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Farrell watches son make big league debut

MLB.com @IanMBrowne

TORONTO -- Red Sox manager John Farrell took a one-day leave on Saturday for one of the most exciting reasons possible.

Farrell flew to Kansas City to watch his son Luke, a right-handed pitcher, make his Major League debut in the opener of a day-night doubleheader against the Twins. He gave up five runs on seven hits and three walks in 2 2/3 innings.

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TORONTO -- Red Sox manager John Farrell took a one-day leave on Saturday for one of the most exciting reasons possible.

Farrell flew to Kansas City to watch his son Luke, a right-handed pitcher, make his Major League debut in the opener of a day-night doubleheader against the Twins. He gave up five runs on seven hits and three walks in 2 2/3 innings.

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All three of Farrell's sons were selected in the Draft, but Luke, who was selected by the Royals in the sixth round back in 2013, will be the first to reach the Majors.

"Extremely proud," said John Farrell after the Red Sox downed the Blue Jays, 7-4, in 11 innings on Friday. "Luke's overcome a number of health issues himself. If there's a word that I could sum up for him, it's determination. And to see him realize a dream of becoming a Major League pitcher with his debut tomorrow, a great day for him. The support that his mom and his brothers have given him along the way, this is a good day for him."

In the summer of 2009, a dentist noticed something irregular in the back of Luke Farrell's throat. It turned out to be a benign turmor, and after two surgeries, it was removed. He was told it wouldn't come back, but in two years, he needed to have another surgery to remove the tumor.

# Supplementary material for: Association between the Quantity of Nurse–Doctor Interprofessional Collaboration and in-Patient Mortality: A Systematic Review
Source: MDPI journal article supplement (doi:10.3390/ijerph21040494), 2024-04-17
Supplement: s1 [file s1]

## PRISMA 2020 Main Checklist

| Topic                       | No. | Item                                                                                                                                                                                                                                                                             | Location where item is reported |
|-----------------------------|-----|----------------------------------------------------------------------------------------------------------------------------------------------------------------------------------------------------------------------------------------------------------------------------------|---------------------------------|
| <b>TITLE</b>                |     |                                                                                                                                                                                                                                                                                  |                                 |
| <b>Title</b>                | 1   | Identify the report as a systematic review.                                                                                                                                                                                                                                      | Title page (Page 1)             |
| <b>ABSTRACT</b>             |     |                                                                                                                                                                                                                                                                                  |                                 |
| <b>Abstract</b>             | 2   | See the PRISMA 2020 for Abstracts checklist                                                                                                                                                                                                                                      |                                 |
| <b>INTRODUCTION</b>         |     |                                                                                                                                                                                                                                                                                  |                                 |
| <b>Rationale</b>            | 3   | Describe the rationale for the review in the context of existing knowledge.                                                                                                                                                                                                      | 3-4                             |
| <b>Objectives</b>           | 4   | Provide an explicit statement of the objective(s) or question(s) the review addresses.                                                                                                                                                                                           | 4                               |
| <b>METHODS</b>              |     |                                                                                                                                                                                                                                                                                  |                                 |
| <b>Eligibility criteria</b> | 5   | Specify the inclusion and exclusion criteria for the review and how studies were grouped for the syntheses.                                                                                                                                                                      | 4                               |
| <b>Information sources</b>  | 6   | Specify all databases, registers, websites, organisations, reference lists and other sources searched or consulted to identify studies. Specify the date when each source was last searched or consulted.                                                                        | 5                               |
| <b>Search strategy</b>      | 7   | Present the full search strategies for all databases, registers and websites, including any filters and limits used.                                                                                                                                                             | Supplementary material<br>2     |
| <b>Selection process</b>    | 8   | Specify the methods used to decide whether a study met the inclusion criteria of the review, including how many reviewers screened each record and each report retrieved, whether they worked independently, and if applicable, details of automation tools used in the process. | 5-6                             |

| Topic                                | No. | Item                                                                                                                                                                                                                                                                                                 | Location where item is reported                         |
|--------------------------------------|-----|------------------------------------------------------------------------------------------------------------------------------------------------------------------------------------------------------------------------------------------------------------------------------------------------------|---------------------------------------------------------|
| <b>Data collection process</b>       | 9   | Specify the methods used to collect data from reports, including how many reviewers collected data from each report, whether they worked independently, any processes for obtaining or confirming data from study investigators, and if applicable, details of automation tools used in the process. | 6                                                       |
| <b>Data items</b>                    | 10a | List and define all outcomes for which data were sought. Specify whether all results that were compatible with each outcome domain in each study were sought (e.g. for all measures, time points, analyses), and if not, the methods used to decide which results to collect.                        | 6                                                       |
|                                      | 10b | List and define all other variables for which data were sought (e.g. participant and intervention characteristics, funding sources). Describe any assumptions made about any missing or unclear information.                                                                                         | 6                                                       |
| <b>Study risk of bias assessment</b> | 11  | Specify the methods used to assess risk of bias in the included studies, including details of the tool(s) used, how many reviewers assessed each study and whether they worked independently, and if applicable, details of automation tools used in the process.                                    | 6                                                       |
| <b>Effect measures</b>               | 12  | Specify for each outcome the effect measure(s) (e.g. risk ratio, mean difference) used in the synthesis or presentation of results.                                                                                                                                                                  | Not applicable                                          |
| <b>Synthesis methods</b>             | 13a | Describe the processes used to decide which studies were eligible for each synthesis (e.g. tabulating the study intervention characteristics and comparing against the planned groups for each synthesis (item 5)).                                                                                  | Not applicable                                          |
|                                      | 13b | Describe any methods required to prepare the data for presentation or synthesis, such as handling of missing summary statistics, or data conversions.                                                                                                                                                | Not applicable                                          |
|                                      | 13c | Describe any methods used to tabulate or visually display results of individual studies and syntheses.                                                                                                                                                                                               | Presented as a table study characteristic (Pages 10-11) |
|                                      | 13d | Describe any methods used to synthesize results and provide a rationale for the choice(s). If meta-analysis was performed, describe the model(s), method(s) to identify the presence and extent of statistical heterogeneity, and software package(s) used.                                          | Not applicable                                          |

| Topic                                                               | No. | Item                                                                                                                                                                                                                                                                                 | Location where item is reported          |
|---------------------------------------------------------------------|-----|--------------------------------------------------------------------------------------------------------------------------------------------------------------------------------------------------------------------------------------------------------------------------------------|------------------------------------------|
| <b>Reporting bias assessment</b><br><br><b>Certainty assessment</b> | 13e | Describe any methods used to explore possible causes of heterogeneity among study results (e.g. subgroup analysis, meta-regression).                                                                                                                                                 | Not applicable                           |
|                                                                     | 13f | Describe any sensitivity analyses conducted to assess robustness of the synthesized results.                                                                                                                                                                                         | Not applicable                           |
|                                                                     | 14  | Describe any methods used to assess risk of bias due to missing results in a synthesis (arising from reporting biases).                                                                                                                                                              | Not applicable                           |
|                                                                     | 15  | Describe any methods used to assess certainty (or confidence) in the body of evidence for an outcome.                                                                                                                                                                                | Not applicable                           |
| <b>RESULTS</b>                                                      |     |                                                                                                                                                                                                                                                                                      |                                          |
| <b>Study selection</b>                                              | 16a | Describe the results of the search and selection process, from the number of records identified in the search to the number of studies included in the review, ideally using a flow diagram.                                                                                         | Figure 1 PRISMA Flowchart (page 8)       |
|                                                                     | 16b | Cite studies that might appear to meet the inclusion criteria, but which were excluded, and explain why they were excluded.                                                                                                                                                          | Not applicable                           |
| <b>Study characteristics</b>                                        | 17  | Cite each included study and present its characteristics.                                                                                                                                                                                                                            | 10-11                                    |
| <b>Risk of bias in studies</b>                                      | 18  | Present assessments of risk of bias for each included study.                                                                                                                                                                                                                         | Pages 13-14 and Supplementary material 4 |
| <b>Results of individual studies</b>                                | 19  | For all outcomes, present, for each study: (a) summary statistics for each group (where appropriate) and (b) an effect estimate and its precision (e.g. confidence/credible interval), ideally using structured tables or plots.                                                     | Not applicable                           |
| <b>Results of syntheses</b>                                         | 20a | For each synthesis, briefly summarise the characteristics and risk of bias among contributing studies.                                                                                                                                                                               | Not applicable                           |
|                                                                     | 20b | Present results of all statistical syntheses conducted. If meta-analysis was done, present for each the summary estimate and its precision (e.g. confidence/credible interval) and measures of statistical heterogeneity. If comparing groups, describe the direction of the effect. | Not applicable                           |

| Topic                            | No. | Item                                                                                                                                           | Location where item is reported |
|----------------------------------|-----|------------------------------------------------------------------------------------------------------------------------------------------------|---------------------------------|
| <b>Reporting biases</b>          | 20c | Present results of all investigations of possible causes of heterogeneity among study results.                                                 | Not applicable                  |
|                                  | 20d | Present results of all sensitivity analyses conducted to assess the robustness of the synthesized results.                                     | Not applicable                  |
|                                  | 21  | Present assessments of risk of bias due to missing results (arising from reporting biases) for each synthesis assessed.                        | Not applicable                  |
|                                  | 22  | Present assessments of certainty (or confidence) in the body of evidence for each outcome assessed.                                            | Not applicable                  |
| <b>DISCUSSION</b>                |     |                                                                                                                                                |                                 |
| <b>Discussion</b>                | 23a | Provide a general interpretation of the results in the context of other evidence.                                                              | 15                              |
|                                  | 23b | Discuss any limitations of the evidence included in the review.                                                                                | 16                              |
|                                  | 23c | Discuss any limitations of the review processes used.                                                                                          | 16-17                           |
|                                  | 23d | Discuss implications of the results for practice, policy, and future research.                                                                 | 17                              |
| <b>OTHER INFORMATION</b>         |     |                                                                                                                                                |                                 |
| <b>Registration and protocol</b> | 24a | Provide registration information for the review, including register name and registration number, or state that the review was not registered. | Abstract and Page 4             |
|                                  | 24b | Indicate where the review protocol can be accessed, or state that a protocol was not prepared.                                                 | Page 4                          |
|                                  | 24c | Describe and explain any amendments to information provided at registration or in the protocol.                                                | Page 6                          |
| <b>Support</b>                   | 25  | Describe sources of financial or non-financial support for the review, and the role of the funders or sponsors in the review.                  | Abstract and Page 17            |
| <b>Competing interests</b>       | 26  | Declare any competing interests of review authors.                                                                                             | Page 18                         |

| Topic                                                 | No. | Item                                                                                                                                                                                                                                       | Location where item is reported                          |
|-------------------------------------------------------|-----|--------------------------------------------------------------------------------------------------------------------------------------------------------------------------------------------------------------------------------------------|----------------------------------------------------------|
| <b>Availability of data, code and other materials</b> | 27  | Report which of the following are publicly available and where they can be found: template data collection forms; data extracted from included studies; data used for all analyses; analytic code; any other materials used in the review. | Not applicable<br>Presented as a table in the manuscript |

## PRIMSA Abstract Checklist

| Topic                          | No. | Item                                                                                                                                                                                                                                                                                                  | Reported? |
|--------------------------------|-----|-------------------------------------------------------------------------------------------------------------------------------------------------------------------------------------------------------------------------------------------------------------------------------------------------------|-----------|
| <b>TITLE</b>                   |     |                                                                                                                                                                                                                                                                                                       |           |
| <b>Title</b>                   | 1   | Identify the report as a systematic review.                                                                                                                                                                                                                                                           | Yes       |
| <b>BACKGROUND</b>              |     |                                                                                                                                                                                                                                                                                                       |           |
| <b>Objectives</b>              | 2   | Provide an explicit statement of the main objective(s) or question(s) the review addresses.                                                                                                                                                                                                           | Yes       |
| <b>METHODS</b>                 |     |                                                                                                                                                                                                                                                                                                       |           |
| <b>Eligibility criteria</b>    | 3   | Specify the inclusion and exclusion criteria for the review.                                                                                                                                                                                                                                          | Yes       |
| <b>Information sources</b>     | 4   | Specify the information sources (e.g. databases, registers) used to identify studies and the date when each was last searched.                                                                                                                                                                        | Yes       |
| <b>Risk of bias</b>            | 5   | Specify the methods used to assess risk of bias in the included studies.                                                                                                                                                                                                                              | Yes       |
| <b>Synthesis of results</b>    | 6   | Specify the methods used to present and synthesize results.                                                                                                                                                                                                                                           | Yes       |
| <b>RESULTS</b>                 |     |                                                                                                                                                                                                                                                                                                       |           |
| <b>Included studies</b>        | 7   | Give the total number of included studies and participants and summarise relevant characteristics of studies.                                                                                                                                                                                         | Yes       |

Video: Farrell on having tumor removed from his throat

While John Farrell has done his best to support Luke in his quest to reach the Major Leagues, getting to watch him pitch has been a rarity.

"When he was a sophomore in college, about six years ago," said Farrell, who was diagnosed with Stage 1 Lymphoma in 2015. "And I saw him pitch in the Dominican this past winter."

Bench coach Gary DiSarcina, who managed the Red Sox on Wednesday while Farrell served a one-game suspension, took the helm on Saturday.

Farrell appreciated getting the blessing of president of baseball operations Dave Dombrowski to go watch Luke's milestone moment.

"I wouldn't have done it without that, so I appreciate it," Farrell said. "A career baseball executive understands how the game is intertwined through generations, and I appreciate his willingness to allow it."

It remains to be seen which Farrell will have more nerves at Kauffman Stadium on Saturday -- John or Luke.

"You know, I don't know that I'll be sitting. I'll be pacing the ballpark for sure," said John Farrell. "This is a once-in-a-lifetime event for him. So I'm really looking forward to seeing him on a Major League mound."

Ian Browne has covered the Red Sox for MLB.com since 2002. Follow him on Twitter @IanMBrowne and Facebook.

 

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